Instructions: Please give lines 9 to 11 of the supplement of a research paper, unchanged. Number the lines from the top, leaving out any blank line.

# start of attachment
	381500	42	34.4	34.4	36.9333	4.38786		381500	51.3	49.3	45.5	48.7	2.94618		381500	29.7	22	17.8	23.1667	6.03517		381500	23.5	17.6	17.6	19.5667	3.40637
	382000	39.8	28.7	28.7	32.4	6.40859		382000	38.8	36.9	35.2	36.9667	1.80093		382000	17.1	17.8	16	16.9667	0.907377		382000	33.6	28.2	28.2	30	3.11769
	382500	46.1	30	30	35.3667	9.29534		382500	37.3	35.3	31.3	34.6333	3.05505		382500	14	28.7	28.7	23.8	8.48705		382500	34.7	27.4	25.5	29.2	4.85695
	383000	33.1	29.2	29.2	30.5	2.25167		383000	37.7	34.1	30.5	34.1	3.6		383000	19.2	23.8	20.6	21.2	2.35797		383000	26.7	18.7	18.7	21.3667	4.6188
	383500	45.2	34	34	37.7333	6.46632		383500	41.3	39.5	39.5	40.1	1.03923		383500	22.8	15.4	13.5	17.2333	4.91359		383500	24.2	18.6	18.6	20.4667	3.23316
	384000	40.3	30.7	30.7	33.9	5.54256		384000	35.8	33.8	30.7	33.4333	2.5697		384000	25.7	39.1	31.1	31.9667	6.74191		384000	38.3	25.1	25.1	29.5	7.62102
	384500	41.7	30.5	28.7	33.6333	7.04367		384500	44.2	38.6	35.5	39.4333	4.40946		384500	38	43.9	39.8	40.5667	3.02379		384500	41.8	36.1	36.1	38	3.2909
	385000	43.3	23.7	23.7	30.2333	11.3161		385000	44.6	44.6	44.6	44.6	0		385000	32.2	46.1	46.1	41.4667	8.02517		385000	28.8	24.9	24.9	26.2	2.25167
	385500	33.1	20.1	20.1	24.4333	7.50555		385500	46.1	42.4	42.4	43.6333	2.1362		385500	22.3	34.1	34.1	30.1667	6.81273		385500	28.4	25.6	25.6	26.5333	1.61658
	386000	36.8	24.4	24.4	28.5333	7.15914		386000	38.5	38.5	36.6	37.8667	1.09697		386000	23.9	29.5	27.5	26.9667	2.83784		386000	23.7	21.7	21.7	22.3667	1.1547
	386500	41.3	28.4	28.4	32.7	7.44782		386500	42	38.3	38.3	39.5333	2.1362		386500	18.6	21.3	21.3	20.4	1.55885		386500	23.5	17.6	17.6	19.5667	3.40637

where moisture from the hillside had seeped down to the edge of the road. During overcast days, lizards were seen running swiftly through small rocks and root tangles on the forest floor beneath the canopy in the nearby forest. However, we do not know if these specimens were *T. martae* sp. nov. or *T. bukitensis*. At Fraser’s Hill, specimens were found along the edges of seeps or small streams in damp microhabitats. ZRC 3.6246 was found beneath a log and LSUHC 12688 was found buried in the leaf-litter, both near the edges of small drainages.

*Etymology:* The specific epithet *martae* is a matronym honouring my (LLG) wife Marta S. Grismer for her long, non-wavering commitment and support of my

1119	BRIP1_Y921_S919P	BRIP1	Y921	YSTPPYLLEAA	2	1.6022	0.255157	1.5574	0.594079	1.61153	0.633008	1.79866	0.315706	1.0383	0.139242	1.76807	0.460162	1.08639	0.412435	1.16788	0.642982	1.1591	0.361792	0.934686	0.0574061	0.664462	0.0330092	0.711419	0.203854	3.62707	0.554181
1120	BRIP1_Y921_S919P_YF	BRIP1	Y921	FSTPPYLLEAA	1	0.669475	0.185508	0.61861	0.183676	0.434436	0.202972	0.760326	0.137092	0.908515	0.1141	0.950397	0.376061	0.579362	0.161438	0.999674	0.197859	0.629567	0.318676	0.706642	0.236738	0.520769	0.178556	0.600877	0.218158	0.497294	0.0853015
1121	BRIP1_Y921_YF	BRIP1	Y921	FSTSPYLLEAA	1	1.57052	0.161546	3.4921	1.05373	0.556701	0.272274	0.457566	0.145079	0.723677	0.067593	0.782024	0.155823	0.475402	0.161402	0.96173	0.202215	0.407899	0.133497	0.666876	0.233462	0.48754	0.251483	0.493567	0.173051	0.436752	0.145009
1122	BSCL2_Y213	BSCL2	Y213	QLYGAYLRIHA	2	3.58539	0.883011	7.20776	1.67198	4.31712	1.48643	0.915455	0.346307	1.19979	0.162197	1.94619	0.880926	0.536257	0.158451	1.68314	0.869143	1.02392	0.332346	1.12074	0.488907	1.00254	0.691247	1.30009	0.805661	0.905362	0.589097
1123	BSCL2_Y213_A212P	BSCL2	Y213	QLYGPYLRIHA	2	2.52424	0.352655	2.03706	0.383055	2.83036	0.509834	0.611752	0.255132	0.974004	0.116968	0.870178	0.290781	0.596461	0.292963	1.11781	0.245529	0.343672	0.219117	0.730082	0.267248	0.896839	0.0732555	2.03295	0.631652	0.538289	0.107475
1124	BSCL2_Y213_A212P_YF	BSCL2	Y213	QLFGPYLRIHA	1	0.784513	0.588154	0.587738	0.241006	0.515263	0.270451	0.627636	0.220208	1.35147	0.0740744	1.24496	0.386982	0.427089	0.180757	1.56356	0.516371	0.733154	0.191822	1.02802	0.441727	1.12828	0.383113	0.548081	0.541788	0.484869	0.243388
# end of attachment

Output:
	385500	33.1	20.1	20.1	24.4333	7.50555		385500	46.1	42.4	42.4	43.6333	2.1362		385500	22.3	34.1	34.1	30.1667	6.81273		385500	28.4	25.6	25.6	26.5333	1.61658
	386000	36.8	24.4	24.4	28.5333	7.15914		386000	38.5	38.5	36.6	37.8667	1.09697		386000	23.9	29.5	27.5	26.9667	2.83784		386000	23.7	21.7	21.7	22.3667	1.1547
	386500	41.3	28.4	28.4	32.7	7.44782		386500	42	38.3	38.3	39.5333	2.1362		386500	18.6	21.3	21.3	20.4	1.55885		386500	23.5	17.6	17.6	19.5667	3.40637